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5 Common Mistakes to Avoid When Exercising With Your Dog


24 April 2017



Is your exercise plan tailored to your pet? Read about this and other common exercise mistakes.

All dogs benefit from daily exercise, and according to the ASPCA, the advantages of pet exercise include:

  • Fewer behavioural, digestive and health complications
  • More confidence and happiness
  • Weight control

In other words, regularly exercising with your dog leads to better overall fitness and health. But as with any other healthy habit, there is a right and a wrong way to introduce physical activity.

From too much too soon to not incorporating a well-rounded workout, below are five common mistakes to avoid.

  1. You Don’t Tailor the Exercise to Breed, Age or Physical Abilities

Does this sound familiar? If a 20-minute walk is good for my dog’s health, a 20-minute run must be better. And if a 20-minute run is great, a 45-minute run is best. Right?

Wrong. Unfortunately, many dog owners think that more exercise automatically leads to greater health, but they couldn’t be further from the truth. Though all dogs need daily activity, some can handle strenuous exercise better than others. A chihuahua doesn’t need the same amount of exercise as a German shepherd, and long-distance running is not necessary for any breed, even leading to long-term injury in some cases, according to the ASPCA.

Common signs that your dog has been overworked and needs less strenuous exercise include sore and sensitive pads, extended periods of fatigue directly after exercise and heat exhaustion.

  1. You Don’t Exercise Enough

According to the Association for Pet Obesity Prevention’s sixth-annual National Pet Obesity Awareness Day survey, 52.5 percent of dogs in the United States were considered overweight or obese in 2012. The numbers become even more staggering when you consider that this percentage is equal to nearly 37 million dogs.

Even though diet plays an important factor in your dog’s weight, moderate to severe lack of physical activity only serves to make it worse. Many pet owners simply don’t give their dogs enough physical activity.

No matter the breed, size or age — if your dog isn’t getting daily physical activity, you are not exercising your dog enough.

  1. You Ignore the Environment Around Your Dog

Your dog’s environment is just as important to her overall health as the amount of exercise she gets. A too-cold environment can lead to frostbite, and a too-hot one can lead to burns. Your dog can be injured by dangerous debris such as broken glass, ice, jagged concrete and excess litter.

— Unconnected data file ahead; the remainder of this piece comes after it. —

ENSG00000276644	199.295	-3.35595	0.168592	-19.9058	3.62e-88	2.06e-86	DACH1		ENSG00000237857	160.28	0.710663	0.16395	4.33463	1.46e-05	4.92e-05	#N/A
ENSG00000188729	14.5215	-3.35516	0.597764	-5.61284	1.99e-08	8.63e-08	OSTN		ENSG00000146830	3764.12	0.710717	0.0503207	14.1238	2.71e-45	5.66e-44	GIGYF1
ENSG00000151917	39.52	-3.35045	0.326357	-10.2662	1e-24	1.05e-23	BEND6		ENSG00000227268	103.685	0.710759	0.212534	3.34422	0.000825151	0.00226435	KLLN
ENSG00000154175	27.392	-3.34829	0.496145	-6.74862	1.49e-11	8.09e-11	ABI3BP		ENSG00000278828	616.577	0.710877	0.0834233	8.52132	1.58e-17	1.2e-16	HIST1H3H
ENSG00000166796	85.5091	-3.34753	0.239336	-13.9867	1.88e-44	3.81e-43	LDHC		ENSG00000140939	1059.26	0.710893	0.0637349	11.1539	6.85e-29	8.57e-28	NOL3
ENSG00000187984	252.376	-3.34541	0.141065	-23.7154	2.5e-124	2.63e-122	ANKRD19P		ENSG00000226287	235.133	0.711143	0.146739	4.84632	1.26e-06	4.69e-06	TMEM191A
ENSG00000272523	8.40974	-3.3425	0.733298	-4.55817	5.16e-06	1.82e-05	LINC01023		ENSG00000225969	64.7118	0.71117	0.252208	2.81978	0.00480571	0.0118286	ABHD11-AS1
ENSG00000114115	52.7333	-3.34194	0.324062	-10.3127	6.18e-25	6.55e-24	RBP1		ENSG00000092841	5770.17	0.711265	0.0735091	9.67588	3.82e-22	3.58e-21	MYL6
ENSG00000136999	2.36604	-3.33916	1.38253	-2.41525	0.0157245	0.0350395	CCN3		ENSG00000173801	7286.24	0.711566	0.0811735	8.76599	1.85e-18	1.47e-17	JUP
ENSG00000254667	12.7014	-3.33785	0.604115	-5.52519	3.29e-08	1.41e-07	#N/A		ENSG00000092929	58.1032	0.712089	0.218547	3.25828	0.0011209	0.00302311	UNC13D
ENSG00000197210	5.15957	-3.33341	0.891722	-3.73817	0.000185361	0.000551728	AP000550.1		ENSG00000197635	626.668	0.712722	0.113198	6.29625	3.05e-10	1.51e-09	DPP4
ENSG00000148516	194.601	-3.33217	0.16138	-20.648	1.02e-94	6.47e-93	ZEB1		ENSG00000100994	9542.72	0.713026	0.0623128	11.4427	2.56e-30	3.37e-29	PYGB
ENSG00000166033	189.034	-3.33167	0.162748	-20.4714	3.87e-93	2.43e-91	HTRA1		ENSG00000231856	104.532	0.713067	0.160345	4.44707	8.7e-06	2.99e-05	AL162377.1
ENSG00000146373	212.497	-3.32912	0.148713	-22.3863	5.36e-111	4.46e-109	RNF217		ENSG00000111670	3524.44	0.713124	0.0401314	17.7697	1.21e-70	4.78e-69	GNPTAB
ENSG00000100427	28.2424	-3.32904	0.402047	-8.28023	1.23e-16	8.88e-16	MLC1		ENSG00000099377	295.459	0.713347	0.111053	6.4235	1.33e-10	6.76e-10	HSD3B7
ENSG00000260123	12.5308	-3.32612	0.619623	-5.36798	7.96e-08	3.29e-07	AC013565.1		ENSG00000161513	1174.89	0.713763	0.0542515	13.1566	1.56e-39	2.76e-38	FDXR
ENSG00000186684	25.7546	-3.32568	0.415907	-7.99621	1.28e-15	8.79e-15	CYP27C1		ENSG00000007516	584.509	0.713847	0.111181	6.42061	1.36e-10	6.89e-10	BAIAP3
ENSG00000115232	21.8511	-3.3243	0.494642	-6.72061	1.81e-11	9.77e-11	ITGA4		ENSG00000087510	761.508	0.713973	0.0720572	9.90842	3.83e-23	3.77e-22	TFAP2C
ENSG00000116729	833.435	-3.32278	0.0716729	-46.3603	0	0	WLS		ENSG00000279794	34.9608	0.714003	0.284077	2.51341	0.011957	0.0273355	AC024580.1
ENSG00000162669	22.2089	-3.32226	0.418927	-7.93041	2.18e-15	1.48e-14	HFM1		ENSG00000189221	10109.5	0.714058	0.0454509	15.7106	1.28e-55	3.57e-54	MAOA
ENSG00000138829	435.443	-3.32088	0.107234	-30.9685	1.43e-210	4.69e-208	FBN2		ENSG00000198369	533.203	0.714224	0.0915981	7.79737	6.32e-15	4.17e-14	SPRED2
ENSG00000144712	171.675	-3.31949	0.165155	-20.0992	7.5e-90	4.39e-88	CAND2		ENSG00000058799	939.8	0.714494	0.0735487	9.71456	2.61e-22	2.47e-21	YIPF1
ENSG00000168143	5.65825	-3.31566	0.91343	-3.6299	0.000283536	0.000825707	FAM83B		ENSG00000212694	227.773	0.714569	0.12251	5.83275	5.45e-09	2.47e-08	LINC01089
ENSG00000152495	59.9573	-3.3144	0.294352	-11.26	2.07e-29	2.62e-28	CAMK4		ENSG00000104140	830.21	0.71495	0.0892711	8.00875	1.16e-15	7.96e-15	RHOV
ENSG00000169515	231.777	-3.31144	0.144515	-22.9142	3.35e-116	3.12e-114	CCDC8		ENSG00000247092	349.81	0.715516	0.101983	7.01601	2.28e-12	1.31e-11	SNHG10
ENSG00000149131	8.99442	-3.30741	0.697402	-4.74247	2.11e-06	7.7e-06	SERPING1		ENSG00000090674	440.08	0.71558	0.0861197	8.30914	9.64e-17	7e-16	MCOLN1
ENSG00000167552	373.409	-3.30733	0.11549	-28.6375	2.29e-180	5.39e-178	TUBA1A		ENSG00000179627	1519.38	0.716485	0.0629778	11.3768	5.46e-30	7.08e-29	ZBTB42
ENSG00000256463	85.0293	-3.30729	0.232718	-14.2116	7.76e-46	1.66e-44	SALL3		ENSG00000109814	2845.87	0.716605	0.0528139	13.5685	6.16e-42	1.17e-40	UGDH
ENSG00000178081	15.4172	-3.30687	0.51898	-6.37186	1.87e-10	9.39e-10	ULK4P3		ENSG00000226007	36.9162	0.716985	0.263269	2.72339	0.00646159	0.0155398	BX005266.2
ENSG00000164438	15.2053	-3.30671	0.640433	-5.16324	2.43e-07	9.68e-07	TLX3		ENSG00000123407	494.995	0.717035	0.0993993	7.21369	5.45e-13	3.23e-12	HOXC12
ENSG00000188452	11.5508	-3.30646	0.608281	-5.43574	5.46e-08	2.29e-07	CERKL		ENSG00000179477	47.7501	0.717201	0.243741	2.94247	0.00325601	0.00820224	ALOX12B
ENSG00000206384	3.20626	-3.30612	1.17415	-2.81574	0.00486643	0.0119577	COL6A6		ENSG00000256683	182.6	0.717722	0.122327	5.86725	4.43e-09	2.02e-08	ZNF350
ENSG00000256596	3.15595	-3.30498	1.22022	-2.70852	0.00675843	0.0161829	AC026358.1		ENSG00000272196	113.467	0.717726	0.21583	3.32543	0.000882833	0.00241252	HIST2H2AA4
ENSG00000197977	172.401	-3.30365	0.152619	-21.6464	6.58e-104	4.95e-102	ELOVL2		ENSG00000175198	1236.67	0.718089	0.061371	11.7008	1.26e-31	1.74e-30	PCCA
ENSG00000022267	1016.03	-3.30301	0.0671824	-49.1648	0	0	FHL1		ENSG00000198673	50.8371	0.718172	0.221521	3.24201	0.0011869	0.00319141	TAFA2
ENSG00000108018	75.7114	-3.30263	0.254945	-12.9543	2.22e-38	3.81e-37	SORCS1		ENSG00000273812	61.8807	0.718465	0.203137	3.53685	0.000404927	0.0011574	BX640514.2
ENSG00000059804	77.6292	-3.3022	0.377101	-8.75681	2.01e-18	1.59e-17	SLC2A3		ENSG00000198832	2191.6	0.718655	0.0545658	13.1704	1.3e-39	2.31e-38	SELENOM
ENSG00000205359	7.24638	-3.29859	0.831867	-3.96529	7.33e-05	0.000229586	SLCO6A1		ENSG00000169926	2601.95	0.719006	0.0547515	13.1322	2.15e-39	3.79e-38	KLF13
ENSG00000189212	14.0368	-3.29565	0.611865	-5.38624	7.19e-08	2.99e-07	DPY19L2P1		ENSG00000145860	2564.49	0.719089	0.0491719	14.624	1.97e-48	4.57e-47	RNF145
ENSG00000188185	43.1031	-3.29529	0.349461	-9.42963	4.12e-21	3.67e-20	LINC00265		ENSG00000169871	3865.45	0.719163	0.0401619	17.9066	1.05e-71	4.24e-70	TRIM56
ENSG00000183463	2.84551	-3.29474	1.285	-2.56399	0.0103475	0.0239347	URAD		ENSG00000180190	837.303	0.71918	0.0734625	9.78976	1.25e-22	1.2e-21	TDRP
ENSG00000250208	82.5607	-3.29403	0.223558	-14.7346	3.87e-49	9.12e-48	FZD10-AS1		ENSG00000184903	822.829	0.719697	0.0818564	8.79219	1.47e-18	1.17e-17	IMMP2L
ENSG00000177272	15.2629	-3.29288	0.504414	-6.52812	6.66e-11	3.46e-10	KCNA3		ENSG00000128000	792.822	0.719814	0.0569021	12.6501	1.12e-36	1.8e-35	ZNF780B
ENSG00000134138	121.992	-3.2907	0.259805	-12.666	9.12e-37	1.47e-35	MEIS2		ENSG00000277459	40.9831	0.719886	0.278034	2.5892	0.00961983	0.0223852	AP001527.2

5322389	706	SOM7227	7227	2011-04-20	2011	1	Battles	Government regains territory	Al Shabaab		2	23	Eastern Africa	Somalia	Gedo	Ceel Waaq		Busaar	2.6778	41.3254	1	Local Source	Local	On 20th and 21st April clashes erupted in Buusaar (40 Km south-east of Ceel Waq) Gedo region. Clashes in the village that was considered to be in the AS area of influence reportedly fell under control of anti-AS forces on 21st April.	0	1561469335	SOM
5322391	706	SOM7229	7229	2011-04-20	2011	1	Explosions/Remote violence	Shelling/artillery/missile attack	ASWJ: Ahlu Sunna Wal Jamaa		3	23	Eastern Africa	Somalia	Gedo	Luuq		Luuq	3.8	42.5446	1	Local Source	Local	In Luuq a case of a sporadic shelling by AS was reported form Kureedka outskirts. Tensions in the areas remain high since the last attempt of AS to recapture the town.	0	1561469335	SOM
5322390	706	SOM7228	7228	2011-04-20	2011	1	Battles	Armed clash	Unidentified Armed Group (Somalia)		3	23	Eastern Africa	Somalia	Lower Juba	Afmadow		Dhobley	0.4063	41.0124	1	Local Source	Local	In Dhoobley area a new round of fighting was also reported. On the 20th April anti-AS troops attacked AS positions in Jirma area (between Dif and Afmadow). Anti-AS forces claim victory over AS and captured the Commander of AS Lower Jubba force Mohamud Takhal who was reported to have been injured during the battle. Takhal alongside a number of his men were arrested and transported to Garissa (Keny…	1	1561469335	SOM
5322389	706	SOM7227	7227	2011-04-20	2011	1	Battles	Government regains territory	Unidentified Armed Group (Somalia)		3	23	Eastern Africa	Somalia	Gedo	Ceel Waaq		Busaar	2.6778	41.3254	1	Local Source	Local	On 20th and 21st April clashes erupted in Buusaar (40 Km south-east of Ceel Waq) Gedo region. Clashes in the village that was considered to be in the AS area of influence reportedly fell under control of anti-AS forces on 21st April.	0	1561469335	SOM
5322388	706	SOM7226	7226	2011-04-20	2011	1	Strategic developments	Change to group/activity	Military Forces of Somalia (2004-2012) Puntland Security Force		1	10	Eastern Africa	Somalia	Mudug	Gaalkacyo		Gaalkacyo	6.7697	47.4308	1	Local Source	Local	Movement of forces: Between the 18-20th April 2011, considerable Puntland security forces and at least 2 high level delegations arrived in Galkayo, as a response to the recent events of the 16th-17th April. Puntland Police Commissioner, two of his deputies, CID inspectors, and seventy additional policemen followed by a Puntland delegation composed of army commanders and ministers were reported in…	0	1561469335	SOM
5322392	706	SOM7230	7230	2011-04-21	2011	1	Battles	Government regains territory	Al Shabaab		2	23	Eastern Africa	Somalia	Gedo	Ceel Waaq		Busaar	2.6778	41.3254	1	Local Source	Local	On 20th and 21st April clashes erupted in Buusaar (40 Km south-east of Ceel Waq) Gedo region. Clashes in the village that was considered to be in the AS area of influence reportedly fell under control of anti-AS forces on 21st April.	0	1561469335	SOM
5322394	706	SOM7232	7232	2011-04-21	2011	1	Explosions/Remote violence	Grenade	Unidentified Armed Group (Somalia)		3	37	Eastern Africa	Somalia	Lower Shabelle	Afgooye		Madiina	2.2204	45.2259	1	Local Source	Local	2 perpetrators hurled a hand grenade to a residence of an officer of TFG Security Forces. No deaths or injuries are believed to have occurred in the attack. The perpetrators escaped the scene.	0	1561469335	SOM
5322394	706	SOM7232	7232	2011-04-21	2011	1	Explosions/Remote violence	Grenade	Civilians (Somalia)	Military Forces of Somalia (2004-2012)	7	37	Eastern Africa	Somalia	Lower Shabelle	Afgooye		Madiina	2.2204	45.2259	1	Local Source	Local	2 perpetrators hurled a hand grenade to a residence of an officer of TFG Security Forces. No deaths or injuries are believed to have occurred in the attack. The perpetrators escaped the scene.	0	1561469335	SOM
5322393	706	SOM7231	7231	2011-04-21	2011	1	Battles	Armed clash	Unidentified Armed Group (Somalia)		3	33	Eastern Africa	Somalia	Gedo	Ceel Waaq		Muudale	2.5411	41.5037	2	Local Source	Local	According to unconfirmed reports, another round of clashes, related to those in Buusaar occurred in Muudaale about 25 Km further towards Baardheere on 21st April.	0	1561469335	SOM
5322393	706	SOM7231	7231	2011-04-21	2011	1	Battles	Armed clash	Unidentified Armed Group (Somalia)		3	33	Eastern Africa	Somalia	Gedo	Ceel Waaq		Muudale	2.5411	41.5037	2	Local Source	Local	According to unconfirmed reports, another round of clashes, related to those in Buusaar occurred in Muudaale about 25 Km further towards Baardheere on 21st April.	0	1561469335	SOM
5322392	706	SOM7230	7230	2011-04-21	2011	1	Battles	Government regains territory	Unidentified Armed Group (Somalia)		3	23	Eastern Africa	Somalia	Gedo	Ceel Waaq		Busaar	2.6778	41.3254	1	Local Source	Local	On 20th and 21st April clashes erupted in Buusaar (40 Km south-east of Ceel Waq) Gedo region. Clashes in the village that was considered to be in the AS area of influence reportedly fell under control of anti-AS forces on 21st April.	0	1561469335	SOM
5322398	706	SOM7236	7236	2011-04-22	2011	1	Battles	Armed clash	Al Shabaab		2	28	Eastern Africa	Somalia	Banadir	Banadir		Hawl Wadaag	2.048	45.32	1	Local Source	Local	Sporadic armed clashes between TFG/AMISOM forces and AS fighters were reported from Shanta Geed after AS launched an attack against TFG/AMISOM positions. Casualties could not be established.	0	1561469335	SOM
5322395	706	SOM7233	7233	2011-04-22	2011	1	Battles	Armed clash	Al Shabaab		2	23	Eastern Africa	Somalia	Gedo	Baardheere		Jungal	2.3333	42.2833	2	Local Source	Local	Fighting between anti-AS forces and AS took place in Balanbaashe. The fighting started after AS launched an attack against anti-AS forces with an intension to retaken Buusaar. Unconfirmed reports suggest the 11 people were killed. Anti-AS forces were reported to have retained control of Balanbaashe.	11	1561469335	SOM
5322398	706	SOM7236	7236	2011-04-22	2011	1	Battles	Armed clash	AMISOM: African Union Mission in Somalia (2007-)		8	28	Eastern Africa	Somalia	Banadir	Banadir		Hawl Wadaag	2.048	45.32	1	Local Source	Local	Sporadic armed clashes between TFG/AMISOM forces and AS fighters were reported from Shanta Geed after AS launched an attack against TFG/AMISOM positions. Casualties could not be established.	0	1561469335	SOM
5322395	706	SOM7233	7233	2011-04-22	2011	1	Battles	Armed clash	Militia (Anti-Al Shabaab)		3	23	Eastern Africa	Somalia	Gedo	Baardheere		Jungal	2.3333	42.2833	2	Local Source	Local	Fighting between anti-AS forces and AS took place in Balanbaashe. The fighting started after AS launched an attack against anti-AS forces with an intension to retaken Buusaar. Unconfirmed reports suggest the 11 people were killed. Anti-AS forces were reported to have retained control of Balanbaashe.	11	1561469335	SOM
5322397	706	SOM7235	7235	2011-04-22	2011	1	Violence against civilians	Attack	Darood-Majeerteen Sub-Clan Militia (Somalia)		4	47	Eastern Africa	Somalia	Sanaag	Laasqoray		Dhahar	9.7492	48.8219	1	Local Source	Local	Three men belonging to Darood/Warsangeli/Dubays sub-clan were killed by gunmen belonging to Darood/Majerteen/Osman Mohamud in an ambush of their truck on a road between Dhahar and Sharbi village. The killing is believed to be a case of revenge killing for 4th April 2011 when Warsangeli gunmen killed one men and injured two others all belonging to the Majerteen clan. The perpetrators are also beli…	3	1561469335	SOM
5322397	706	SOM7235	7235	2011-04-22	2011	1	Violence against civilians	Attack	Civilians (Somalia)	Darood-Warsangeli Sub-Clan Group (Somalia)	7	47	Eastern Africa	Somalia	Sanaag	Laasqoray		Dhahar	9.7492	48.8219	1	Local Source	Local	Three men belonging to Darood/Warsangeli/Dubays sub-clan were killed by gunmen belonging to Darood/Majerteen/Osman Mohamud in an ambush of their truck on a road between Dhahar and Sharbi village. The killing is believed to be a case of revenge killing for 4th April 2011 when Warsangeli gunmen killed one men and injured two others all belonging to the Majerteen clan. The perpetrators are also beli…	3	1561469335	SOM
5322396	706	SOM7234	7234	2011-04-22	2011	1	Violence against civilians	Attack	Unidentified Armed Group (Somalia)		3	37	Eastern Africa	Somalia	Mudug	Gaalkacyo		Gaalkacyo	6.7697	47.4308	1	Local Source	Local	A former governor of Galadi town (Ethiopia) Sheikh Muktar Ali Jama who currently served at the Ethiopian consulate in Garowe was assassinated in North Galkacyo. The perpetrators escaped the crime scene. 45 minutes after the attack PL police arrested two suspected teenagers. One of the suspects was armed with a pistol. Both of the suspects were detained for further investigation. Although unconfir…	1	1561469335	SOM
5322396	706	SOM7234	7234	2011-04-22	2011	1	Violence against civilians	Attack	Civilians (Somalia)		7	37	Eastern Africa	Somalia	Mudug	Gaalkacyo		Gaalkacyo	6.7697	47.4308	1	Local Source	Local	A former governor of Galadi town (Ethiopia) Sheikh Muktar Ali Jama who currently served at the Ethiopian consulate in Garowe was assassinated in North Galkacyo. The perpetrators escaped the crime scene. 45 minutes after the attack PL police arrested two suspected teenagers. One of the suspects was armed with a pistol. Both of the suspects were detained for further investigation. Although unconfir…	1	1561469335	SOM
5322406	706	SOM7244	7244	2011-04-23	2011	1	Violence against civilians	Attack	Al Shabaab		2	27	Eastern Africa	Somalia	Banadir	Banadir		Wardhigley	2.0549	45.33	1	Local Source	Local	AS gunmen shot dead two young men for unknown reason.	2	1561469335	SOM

Additionally, if you live in a city known for high pollution, try to keep your dog indoors when pollutions level climb. Take your dog for daily walks in the early morning and evening, avoid excess heat, don’t let her out when the sun is high in the sky, and keep track of air quality levels, especially when the temperature climbs.

  1. You’re Distracted

Life is distracting. Throughout the day we all receive phone calls, texts messages, emails and various smartphone notifications. During daily dog walks we might chat with friends, neighbors and other dog owners. Most of us are extremely busy and our minds are always turned on thinking about work, family, social life or school.

Still, when you are out spending time with your dog, try your best to keep him the center of your attention. The more you pay attention to your dog, the less likely he will get into trouble. Instead he’ll be busy basking in your attention and trying to please you. The both of you will be happier and safer.

  1. You Don’t Include Mental Stimulation

Exercise is one of the best things you can do for your dog’s health, but you shouldn’t make the mistake of keeping it a purely physical activity.

According to Modern Dog magazine, a dog’s memory and learning ability declines as she ages, and, just like people, dogs benefit from brain games. Take advantage of the time you are spending with your pet and provide mental stimulation too. It will enrich your dog’s life.

People achieve mental stimulation through games like sudoku, reading an intelligent novel or having a thought-provoking conversation. For dogs, the best way to mentally stimulate them is by pairing brain games with physical activities, such as obedience training, learning a new skill, playing with other dogs, and games that require quick movement and thinking like fetch and hide-and-seek.

Extracted from the article 5 Common Mistakes to Avoid When Exercising With Your Dog, by Susie Contreras Yuen (http://www.petful.com/behaviors/exercising-with-your-dog/)